Falcon Bride installation

 

I wrote this at the time, to introduce the Falcon Bride installation:

“The Falcon Bride is an experimental installation – a room-sized book – which I set up in Lewes, Sussex during the local Arts Festival. I deliberately wrote no introductory explanations of the piece other than that it is based on a visit to the Polish city of Krakow, where we visited the small museum containing Leonardo’s painting ‘Lady with Ermine’ and a small Egyptian Department containing some mummified falcons; the Polish Ethnographic Museum; and the old Jewish Quarter.

It is a ‘book’ in that you are entering a world and a story which it takes time to absorb; there is a web of references and cross-references of images in different forms – prints on the walls, hand-made objects and models, and a table full of hand-painted books.

The idea of making the room look like a Polish Café (a setting which re-appears within the images) is to make people feel comfortable, both psychologically and physically, as they sit to look into what can be a slightly disturbing journey -in that it asks questions without giving answers. The images and objects, deliberately made to be ‘on the point of becoming’ are proving quite powerful.

I am always there invigilating so it becomes almost a performance piece as I am asked questions and enter into a dialogue about our perceptions of what we are seeing; but the main idea is always to encourage people to allow the exhibits to speak for themselves and to trust and listen to their gut reactions.

Each person opens up their own story.

 

All the exhibits are constructed from basic organic materials such as feather, bone, wax, wood, or recycled paper, card and scrim, and are fragile, but the books are designed to be handled and read. Elements such as the furniture (in Lewes I hired it from our local recycling organisation ) could change from venue to venue.

There is nothing to buy or sell and part of the idea has been to try and restructure the way people look at

Art-works, how long they spend doing it, and what they expect from them. It is trying to restore the delicate interaction between maker and viewer which became interesting at the beginning of the Open Studios movement but has now become over-commodified again.”

 

The exhibition was then taken up by a wonderful curator at West Dean, the former home of the surrealist Edward James, and became much larger in scale. The boats were re-made bigger and the boat images blown up digitally on 2xmetre panels and hung from the sides of the mezzanine walls, almost like a processional way into a megalithic tomb. It was a less intimate and personal experience but it was seen by thousands of people attending an apple festival and over the month long exhibition, some of whom left messages in the visitors book.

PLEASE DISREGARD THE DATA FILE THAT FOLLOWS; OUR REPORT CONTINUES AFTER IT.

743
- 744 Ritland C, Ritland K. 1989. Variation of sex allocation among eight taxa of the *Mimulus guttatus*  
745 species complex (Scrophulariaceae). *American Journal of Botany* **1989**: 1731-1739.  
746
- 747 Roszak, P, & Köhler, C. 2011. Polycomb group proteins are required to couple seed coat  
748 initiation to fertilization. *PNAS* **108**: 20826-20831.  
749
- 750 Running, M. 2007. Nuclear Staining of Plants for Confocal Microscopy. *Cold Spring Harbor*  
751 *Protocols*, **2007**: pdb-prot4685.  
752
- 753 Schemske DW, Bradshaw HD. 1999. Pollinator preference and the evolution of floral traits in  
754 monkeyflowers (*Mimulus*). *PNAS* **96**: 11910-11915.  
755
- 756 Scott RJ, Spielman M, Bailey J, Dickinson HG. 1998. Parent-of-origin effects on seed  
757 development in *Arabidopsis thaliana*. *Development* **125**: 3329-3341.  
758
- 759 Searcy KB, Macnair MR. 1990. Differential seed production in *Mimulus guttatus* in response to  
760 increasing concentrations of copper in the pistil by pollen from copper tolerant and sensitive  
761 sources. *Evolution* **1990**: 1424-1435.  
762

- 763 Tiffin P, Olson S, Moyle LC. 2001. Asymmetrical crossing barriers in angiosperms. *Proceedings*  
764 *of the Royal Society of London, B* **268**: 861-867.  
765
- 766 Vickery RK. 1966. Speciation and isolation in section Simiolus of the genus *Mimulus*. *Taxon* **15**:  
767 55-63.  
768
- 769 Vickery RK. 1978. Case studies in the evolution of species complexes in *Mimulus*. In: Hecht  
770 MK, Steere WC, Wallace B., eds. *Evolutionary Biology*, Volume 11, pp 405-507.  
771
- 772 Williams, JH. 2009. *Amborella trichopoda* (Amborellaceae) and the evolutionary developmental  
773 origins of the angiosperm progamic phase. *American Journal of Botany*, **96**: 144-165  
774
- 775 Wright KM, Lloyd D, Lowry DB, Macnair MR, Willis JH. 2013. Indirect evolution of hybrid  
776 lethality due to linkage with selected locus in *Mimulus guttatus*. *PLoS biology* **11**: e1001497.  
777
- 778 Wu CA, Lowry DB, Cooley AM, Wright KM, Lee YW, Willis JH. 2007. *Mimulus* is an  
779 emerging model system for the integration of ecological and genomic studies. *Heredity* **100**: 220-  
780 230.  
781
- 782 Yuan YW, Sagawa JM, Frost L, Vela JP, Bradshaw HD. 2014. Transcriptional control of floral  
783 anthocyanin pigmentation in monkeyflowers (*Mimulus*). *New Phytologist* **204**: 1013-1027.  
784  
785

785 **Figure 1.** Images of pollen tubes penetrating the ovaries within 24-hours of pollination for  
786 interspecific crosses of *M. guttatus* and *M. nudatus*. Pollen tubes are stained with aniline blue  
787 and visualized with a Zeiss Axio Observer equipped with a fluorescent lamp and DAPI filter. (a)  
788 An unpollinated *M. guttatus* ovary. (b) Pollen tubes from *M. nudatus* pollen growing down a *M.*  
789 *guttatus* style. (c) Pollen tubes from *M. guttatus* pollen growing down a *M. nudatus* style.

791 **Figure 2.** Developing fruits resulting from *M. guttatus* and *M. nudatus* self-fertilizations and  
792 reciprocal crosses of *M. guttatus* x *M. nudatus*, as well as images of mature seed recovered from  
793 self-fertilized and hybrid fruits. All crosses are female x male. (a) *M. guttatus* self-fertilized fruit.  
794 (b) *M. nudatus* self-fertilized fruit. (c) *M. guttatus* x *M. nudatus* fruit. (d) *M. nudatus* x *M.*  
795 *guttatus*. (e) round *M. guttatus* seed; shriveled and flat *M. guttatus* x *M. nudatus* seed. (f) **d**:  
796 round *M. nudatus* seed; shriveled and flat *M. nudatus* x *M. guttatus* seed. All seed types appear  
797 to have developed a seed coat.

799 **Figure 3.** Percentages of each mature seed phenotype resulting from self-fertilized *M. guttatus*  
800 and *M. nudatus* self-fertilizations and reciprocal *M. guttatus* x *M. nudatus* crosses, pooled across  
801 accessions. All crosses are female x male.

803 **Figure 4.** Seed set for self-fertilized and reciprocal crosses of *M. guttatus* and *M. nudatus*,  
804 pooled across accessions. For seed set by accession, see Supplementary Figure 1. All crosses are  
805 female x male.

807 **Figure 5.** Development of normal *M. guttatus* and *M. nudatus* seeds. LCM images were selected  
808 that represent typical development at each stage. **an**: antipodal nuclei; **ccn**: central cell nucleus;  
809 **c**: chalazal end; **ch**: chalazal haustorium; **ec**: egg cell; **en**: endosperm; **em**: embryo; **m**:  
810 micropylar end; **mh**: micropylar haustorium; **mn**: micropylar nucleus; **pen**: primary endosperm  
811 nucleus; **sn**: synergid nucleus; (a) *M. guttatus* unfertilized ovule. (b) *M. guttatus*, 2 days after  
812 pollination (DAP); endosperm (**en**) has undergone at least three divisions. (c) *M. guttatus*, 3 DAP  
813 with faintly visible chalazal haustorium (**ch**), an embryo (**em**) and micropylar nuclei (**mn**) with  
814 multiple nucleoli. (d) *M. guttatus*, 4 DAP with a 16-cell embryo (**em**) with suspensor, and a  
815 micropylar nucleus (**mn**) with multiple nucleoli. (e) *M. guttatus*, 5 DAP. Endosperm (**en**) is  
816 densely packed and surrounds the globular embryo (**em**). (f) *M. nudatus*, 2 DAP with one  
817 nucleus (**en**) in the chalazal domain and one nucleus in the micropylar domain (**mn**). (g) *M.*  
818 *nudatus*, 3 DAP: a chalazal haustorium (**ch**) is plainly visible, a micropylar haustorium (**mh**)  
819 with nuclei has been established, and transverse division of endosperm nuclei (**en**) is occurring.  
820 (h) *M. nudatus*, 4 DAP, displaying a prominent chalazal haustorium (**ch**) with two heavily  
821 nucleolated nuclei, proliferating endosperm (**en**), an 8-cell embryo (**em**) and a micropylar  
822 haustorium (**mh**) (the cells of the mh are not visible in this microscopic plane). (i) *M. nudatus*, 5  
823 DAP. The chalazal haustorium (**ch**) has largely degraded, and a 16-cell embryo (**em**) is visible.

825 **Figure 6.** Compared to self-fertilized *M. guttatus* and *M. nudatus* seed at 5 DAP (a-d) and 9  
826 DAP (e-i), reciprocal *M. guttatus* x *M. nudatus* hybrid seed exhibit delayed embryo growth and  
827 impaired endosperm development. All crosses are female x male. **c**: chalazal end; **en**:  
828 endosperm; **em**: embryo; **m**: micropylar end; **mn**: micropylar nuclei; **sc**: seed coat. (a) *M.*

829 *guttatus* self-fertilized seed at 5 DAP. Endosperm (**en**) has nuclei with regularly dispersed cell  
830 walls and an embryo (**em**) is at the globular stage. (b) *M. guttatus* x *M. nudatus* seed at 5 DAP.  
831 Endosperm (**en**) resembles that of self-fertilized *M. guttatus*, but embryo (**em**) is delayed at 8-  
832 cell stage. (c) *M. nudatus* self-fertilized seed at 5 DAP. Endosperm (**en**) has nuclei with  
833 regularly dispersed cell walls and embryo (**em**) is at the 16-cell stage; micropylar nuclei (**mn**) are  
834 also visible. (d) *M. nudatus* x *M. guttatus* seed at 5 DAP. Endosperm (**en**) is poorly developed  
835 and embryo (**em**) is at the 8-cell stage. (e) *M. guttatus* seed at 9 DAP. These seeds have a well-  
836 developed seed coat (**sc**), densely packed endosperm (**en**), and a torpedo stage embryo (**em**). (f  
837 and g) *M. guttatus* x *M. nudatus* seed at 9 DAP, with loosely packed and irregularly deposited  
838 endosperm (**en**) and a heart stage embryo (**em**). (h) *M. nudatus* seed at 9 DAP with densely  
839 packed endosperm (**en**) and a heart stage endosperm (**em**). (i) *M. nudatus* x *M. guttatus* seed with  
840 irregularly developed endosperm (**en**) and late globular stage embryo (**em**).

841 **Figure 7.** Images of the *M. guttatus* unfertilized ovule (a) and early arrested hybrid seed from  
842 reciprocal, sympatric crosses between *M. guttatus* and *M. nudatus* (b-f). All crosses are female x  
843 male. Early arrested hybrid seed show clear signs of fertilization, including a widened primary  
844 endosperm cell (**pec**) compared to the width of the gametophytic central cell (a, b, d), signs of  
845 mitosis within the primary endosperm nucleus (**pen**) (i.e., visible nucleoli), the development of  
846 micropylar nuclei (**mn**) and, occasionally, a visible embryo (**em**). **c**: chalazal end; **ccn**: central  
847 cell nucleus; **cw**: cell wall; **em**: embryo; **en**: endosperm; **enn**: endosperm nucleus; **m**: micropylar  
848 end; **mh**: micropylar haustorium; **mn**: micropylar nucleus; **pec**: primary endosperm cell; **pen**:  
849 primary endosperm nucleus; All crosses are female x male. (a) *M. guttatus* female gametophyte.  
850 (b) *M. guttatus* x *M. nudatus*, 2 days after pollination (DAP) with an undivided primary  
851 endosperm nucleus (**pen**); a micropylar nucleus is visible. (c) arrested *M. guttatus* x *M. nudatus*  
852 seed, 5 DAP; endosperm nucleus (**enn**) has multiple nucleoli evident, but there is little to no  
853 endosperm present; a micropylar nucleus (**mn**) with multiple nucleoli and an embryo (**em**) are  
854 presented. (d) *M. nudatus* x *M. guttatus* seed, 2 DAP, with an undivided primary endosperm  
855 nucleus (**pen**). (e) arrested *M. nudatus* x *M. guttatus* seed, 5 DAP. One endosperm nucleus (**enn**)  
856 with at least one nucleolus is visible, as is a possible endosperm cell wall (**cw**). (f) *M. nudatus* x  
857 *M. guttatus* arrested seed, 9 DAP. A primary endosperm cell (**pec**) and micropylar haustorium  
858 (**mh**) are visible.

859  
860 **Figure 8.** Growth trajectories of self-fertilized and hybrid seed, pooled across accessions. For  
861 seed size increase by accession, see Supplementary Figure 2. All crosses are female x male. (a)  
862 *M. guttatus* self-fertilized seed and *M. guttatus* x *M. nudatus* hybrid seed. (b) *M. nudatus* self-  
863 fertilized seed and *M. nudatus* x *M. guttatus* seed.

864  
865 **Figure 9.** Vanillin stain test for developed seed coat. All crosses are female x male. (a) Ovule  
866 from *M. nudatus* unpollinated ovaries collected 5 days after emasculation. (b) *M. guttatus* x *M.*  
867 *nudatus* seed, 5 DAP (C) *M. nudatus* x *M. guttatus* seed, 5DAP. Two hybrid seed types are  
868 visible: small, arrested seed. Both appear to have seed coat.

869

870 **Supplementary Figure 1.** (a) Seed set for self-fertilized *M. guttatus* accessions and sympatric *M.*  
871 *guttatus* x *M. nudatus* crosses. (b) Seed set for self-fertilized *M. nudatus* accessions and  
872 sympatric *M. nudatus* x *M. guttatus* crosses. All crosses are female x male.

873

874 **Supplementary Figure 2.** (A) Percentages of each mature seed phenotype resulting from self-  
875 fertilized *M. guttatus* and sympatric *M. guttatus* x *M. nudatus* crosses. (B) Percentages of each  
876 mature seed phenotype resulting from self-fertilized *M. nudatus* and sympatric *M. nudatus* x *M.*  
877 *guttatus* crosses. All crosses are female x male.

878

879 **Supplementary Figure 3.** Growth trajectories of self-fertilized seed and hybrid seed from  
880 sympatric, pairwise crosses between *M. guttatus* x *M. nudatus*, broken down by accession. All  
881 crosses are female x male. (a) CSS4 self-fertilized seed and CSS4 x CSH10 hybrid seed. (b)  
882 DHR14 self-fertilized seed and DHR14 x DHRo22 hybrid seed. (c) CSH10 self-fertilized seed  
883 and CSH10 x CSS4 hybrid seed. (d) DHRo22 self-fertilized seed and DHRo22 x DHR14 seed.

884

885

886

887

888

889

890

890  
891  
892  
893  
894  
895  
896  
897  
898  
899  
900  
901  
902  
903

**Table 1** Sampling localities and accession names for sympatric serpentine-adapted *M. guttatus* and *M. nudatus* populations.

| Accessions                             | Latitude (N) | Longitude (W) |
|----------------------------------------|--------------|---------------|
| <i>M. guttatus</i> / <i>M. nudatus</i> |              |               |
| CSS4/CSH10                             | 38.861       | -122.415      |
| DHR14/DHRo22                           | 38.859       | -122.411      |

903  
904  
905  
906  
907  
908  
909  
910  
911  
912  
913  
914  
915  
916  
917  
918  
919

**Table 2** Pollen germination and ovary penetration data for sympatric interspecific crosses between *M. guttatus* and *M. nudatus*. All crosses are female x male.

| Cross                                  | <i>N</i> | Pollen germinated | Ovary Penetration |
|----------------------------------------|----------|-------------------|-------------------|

This is how West Dean curator, Sharon-Michi Kusunoki described it in her introduction:

Artist’s books are a unique genre and by their nature, difficult to define. they not only challenge the definition itself, but, in actuality, defy categorisation altogether. In the installation, the Falcon Bride, Carolyn Trant examines how critical issues such as memory, text, history and myth can be constructed in a way that expands the confines of a book into something in which active participation is not only recommended, but is a necessity. Here the gallery acts as a vessel binding together the narratives provided by the viewer’s own personal and/or collective memories…

… In the installation, Trant sets the scene in what appears at first glance to be a Polish cafe with haunting prints on the wall, hand painted books arranged on a table, and an array of fascinating hand-made objects and reconstructed cultural artefacts – some conceptual, some fetishistic. What is important here is not merely what is shown, but what is experienced… in essence, the experience of a book…”

 

“…we have taken the obligation to preserve memory as sacred – as indeed when rightly understood, it is. But if they are merely recited or heeded without active understanding, the injunctions never to forget can be formulaic, an invitation to ritual rather than a moral act. How we remember, how much effort and pressure of intelligence and imagination we bring to the process, also matters…

At this point, the task is not only to remember but to remember strenuously – to explore, decode, and deepen the terrain of memory… what is at stake is not only the past but the present…”

Eva Hoffman – ‘Shtetl’

… let materials speak, they are their own mythology; they speak to us of what is… “

Anselm Kiefer, speaking on the radio

“… Obstructing access to a darkness never yet penetrated… a darkness in which… the utmost need to communicate comes together with the ultimate speechlessness… myth in which fact and fiction are, so to speak, inseparably linked together… All symbolism harbours the curse of mediacy… and it is bound to obscure what it seeks to reveal… ”

W.G Sebald